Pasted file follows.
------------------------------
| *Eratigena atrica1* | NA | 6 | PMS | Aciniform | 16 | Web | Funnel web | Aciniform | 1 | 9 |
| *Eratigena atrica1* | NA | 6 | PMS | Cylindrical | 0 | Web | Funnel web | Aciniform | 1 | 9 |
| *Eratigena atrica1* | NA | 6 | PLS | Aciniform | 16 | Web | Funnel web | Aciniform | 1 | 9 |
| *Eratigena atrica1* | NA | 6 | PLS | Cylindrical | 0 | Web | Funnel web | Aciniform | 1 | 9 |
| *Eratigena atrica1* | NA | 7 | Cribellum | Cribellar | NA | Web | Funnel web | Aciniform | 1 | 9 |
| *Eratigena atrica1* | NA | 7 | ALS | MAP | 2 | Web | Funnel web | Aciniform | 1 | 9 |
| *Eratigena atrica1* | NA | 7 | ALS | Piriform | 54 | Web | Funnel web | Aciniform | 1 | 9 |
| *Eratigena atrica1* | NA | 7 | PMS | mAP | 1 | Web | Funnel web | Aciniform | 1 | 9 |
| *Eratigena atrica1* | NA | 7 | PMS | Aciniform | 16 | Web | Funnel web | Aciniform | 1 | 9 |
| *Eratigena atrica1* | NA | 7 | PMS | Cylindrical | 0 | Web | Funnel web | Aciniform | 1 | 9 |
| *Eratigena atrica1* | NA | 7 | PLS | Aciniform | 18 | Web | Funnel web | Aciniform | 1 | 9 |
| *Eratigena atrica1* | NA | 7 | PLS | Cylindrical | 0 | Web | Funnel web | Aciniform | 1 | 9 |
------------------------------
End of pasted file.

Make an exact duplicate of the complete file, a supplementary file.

| *Eratigena atrica1* | NA | 6 | PMS | Aciniform | 16 | Web | Funnel web | Aciniform | 1 | 9 |
| *Eratigena atrica1* | NA | 6 | PMS | Cylindrical | 0 | Web | Funnel web | Aciniform | 1 | 9 |
| *Eratigena atrica1* | NA | 6 | PLS | Aciniform | 16 | Web | Funnel web | Aciniform | 1 | 9 |
| *Eratigena atrica1* | NA | 6 | PLS | Cylindrical | 0 | Web | Funnel web | Aciniform | 1 | 9 |
| *Eratigena atrica1* | NA | 7 | Cribellum | Cribellar | NA | Web | Funnel web | Aciniform | 1 | 9 |
| *Eratigena atrica1* | NA | 7 | ALS | MAP | 2 | Web | Funnel web | Aciniform | 1 | 9 |
| *Eratigena atrica1* | NA | 7 | ALS | Piriform | 54 | Web | Funnel web | Aciniform | 1 | 9 |
| *Eratigena atrica1* | NA | 7 | PMS | mAP | 1 | Web | Funnel web | Aciniform | 1 | 9 |
| *Eratigena atrica1* | NA | 7 | PMS | Aciniform | 16 | Web | Funnel web | Aciniform | 1 | 9 |
| *Eratigena atrica1* | NA | 7 | PMS | Cylindrical | 0 | Web | Funnel web | Aciniform | 1 | 9 |
| *Eratigena atrica1* | NA | 7 | PLS | Aciniform | 18 | Web | Funnel web | Aciniform | 1 | 9 |
| *Eratigena atrica1* | NA | 7 | PLS | Cylindrical | 0 | Web | Funnel web | Aciniform | 1 | 9 |